How housing matters for economic mobility
Increasing income inequality and stagnant rates of economic mobility have called into question the promise of equal opportunity and the plausibility of the American Dream. Forty-three percent of individuals born into the lowest 20 percent of the income distribution (the bottom quintile) remain there the rest of their lives, earning $11,490 per year on average. Seventy percent never reach the middle quintile.
Black Americans have a particularly difficult time getting ahead; they are more likely to be born into the bottom income quintile (65 percent vs. 11 percent of whites) and less likely to escape the bottom rung (47 percent compared with 67 percent of whites).
As politicians, researchers, and others discuss inequality, equal opportunity, and upward mobility, we need to move the conversation beyond education and employment and consider the central role housing plays.
Why housing and neighborhoods matter
Not only is part of the American Dream to have a home of one’s own, but stable, affordable housing is central to individuals’ and families’ well-being. It plays a critical role in people’s lives—as a major consumption item, a source of safety and stability, the place where one pursues education or employment, and a nationally encouraged means for accumulating wealth.
And where families live can directly influence the educational, employment, and other resources to which they have access. The Great Recession was a reminder that housing not only supports upward mobility, but can cause downward mobility as well.
Effective housing policy can provide low-income people with ladders of opportunity to the middle class and the necessary safety nets to withstand financial shocks. The Urban Institute, with support from the John D. and Catherine T. MacArthur Foundation, hosted a roundtable in early April to discuss these topics in depth and explore how housing policy can promote economic mobility (check out our recent Urban.org policy debate to explore some of the ideas shared at the convening).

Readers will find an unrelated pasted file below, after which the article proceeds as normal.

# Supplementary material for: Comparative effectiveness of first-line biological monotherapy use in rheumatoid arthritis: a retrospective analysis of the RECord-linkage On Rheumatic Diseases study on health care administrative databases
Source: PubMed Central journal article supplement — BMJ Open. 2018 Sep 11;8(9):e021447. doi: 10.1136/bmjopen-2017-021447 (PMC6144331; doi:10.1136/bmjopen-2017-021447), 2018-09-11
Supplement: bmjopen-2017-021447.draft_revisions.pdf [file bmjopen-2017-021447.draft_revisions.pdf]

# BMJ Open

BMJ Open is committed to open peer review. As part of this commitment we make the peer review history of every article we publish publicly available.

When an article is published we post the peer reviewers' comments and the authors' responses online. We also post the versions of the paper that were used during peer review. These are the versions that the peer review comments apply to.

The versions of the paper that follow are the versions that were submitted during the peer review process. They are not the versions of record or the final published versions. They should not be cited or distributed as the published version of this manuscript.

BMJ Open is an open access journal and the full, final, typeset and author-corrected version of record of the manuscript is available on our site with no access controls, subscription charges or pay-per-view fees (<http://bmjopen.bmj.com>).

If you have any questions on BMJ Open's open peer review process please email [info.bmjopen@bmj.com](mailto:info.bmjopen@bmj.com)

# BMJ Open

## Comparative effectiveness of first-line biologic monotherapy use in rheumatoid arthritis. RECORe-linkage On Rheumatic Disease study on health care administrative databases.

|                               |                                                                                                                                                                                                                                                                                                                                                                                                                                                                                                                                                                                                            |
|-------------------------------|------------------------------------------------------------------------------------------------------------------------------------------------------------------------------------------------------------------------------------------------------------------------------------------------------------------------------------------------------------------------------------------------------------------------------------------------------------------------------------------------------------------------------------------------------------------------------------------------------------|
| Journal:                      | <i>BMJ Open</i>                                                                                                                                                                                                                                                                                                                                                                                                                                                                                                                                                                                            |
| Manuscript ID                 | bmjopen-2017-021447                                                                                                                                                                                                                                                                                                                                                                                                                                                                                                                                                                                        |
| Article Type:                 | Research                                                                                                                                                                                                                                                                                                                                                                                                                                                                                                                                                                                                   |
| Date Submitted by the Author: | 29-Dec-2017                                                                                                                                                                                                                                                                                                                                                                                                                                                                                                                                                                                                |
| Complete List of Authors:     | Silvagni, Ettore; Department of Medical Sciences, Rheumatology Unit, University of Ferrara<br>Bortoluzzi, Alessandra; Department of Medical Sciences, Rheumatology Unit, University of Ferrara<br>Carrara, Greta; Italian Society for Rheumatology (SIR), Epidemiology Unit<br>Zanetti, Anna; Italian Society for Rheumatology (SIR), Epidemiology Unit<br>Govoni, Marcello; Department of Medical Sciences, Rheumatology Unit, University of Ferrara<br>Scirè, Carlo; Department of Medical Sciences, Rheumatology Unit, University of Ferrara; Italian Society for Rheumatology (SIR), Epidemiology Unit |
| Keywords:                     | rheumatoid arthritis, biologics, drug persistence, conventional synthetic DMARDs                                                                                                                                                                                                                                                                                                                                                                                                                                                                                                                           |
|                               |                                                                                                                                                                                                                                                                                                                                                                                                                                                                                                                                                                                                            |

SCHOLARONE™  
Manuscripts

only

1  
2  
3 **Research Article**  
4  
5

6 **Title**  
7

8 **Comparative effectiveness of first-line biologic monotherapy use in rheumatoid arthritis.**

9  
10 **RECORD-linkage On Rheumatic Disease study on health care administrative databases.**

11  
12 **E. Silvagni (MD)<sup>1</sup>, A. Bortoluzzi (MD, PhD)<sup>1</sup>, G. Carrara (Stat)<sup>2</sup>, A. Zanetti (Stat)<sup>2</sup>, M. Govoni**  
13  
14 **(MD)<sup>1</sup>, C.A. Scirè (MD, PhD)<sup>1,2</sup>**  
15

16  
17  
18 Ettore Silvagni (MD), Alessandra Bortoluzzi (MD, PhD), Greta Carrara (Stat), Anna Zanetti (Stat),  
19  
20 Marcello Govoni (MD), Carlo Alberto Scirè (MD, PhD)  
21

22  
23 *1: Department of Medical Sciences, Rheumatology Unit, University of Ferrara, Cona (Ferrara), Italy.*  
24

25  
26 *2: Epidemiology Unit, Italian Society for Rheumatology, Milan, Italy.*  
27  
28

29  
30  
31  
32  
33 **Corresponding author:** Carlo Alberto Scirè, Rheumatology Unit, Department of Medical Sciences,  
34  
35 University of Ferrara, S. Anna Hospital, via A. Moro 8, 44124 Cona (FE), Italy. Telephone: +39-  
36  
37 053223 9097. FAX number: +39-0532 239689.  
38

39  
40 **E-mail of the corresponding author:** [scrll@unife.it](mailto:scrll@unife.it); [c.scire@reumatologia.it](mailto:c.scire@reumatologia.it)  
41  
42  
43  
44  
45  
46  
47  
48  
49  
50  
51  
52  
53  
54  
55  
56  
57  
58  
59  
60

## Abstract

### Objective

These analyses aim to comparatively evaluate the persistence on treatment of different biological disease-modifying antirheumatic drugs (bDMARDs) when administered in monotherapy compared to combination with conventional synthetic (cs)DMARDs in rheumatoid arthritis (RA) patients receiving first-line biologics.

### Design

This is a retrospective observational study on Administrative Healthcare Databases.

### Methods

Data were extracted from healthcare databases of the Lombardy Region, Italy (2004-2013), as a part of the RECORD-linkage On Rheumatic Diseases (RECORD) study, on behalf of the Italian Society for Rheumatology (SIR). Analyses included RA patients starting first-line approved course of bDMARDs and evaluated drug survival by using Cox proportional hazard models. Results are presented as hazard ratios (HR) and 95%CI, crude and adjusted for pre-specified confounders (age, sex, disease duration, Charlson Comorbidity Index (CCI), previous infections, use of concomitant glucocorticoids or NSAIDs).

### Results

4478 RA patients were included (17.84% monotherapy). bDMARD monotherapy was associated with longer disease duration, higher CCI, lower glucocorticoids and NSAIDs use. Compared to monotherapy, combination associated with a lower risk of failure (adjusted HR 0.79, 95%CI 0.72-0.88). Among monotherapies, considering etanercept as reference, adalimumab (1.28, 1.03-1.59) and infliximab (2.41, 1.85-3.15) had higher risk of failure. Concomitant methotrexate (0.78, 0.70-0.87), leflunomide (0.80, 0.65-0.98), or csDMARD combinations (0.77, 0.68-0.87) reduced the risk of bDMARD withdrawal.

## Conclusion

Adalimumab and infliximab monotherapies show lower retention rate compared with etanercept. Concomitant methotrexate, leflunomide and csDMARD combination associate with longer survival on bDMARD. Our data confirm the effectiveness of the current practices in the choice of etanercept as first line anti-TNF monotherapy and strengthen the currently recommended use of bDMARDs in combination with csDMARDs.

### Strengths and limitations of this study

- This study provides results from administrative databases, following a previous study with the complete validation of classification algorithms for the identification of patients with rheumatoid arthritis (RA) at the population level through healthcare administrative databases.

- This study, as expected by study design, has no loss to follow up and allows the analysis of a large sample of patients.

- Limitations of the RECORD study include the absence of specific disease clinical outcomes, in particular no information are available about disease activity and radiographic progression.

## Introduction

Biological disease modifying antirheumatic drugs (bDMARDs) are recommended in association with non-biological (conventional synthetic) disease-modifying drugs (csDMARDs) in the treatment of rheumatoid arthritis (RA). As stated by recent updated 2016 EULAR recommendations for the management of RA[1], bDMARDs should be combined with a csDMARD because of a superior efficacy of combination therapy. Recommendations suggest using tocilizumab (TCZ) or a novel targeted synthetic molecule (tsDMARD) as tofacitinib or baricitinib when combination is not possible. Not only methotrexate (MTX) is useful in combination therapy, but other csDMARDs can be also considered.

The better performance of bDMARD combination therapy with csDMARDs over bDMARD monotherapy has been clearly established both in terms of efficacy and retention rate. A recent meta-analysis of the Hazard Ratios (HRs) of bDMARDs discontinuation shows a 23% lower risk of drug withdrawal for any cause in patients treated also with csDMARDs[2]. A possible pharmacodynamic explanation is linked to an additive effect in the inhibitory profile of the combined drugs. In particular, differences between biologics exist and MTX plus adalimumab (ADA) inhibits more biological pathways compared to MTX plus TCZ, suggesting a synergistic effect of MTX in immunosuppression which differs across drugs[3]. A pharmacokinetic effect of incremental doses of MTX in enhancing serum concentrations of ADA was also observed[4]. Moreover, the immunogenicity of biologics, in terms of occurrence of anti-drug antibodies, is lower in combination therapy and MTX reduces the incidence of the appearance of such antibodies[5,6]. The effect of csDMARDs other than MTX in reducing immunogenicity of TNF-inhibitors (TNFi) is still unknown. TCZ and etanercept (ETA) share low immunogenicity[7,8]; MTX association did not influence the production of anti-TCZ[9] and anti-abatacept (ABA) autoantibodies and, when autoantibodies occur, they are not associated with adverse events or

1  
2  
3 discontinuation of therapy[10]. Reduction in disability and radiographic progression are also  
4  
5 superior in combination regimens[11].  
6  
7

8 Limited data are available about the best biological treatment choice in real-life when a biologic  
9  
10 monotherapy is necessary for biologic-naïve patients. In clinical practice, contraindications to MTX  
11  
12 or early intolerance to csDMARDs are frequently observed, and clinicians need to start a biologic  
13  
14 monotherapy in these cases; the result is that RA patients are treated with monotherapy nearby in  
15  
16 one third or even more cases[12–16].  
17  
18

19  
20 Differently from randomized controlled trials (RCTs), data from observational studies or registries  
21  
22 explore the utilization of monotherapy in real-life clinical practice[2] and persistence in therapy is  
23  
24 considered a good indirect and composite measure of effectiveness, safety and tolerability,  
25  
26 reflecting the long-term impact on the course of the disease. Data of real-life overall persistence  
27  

Unfortunately, many current federal, state, and local housing policies in the United States impede mobility. Exclusionary zoning, predatory mortgage lending practices, and numerous tax policies have restricted movement, limited choice, and sustained economic and racial segregation.
Pat Sharkey’s research shows low-income individuals, particularly minorities, are inheriting the disadvantaged neighborhoods in which their parents lived. These neighborhoods suffer from disinvestment, low-performing schools, violence, and reduced financial, social, and human capital.
Going a step further
Local variation in economic mobility extends beyond neighborhoods to cities and commuting zones. The odds of a child raised in the bottom income quintile rising to the top in San Jose, CA are 12.9 percent, but only 4.4 percent for a child in Charlotte, NC. These geographic differences are correlated with income segregation, income inequality, local school quality, social capital, and family structure, many of which tie back to the importance of place and stable, affordable housing.
Policymakers, researchers, and practitioners all need to explore more deeply how federal, state, and local actors can best work together to promote economic mobility. Current calls to restructure the federal mortgage interest deduction to better support low- and moderate-income homeowners and to use the additional federal resources to provide rental assistance present promising pathways.
Small area fair market rents, by which payment levels are established at the zip code rather than metropolitan level, can avoid over-subsidizing units in high-poverty neighborhoods and give families more ability to afford units in low-poverty neighborhoods. We have models from recent disaster recovery efforts and the Strong Cities Strong Communities initiative to inform more effective use of federal resources to improve communities.
While we have much more to learn, efforts to promote economic mobility, particularly among low-income families and families of color, must recognize housing as a critical tool in the policy toolbox.
The Assisted Housing Initiative is a project of the Urban Institute, made possible by support from Housing Authority Insurance, Inc. (HAI, Inc.), to provide fact-based analysis about public and assisted housing. The Urban Institute is a non-profit, nonpartisan research organization and retains independent and exclusive control over substance and quality of any Assisted Housing Initiative products. The views expressed in this and other Assisted Housing Initiative commentaries are those of the authors and should not be attributed to the Urban Institute or HAI, Inc.